In Psalm 143 we find David crushed in spirit, deep in despair, and hurting terribly.
It’s so encouraging to know the Holy Spirit wanted the journal of David’s psalms in the Bible. The inclusion of his psalms of heartache lets us know that often inner sorrow takes a long time to fight, that healing processes do not necessarily happen overnight. When your own recovery drags out over an extended time, you are tempted to think that God has forsaken you, that you are a spiritual abnormality.
Be encouraged. You’re as normal as one of God’s great (and very flawed) saints: David. Quit being so hard on yourself. God is not down on you because your progress is slow.
David never stands on his own accomplishments or personal merit as a basis for seeking or deserving God’s help. If God helps at all, it’s mercy undeserved. It’s not your faithfulness or righteousness which clasps you to the Lord; it is His.
Who can ever pass God’s inspection (v. 2)? David knows better than to offer himself as a “yes” to that question. It’s, therefore, a comfort to know you are not alone in this matter of unrighteousness. If all are unrighteous before Him, then you have as good a chance as anyone else for His mercy.
David banks on his cry for mercy being heard because God is faithful and righteous (v. 1). His righteousness insures He will be faithful; and His faithfulness insures He will be righteous.
Enemies pressured David. Notice the effect of such external hounding:
You are reduced as a person. To be crushed (v. 3) means to be compacted. Your self-worth is minimized. You don’t feel like a whole person. The crushing David speaks of is “to the ground.” You’ve never felt so little.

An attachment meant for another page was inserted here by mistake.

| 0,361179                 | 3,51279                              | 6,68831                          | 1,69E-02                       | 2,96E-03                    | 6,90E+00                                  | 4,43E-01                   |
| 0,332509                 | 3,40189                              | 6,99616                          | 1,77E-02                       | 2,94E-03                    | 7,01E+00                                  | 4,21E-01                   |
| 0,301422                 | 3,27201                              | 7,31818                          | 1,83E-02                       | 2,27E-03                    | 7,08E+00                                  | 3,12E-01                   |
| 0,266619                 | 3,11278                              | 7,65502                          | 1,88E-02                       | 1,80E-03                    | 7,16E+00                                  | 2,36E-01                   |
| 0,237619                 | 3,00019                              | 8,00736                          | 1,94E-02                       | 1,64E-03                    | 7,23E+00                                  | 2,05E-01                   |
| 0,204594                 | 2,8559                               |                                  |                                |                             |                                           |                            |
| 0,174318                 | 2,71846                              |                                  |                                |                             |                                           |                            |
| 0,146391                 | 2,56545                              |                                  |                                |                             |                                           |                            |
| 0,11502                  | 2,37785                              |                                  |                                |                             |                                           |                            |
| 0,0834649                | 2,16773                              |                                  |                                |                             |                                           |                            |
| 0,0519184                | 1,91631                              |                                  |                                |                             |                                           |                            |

You do not understand. How could this have ever happened to you? You “dwell in darkness” (v. 3). Darkness serves as a metaphor for lack of illumination. The nighttime of the soul brings the despair of unanswered questions.
Your “spark” is gone. David describes it as “my spirit grows faint within me and my heart . . . is dismayed” (v. 4). You feel an overall numbness, weariness, and brokenness.
The turning point comes as you consciously begin to reflect on who God is and what His works are (v. 5). Remember how God has helped you in the past, and how He acts to save His people.
David reaches only to the Lord for satisfying his deepest needs, describing his soul as thirsting “for you like a parched land” (v. 6). When your inner life is cracked and dry, it’s time to lift your hands in supplication and surrender. “Lord, please send Your rain upon my parched spirit.”
David’s desire for a speedy answer stems from his concern that he cannot hold out much longer (v. 7). Unless God acts, he’s headed for the pit (v. 8).
Your prayers will shape your behavior. If you ask for God’s unfailing love in the morning (v. 8), will you become a loving person the rest of the day? If you ask the Lord to show you the way you should go (v. 8), will you then go in that direction? If you ask Him to rescue you (v. 9), will you then hide yourself in Him? If you ask the Lord to teach you His will (v. 10), will you then do it? If you ask the Good Shepherd to lead you (v. 10), will you then walk on “level ground” rather than the roller coaster where your feelings dominate over your faith?
What great petitions!
Show me . . . Rescue me . . . Teach me . . . Lead me . . . These are the prayers of a person who wants to live!
How about you? Have you felt like giving up? Perhaps you have even entertained thoughts of self-destruction. You need the closing words of this psalm: a desire for the Lord to preserve your life (v. 11), and to destroy what’s destroying you (v. 12).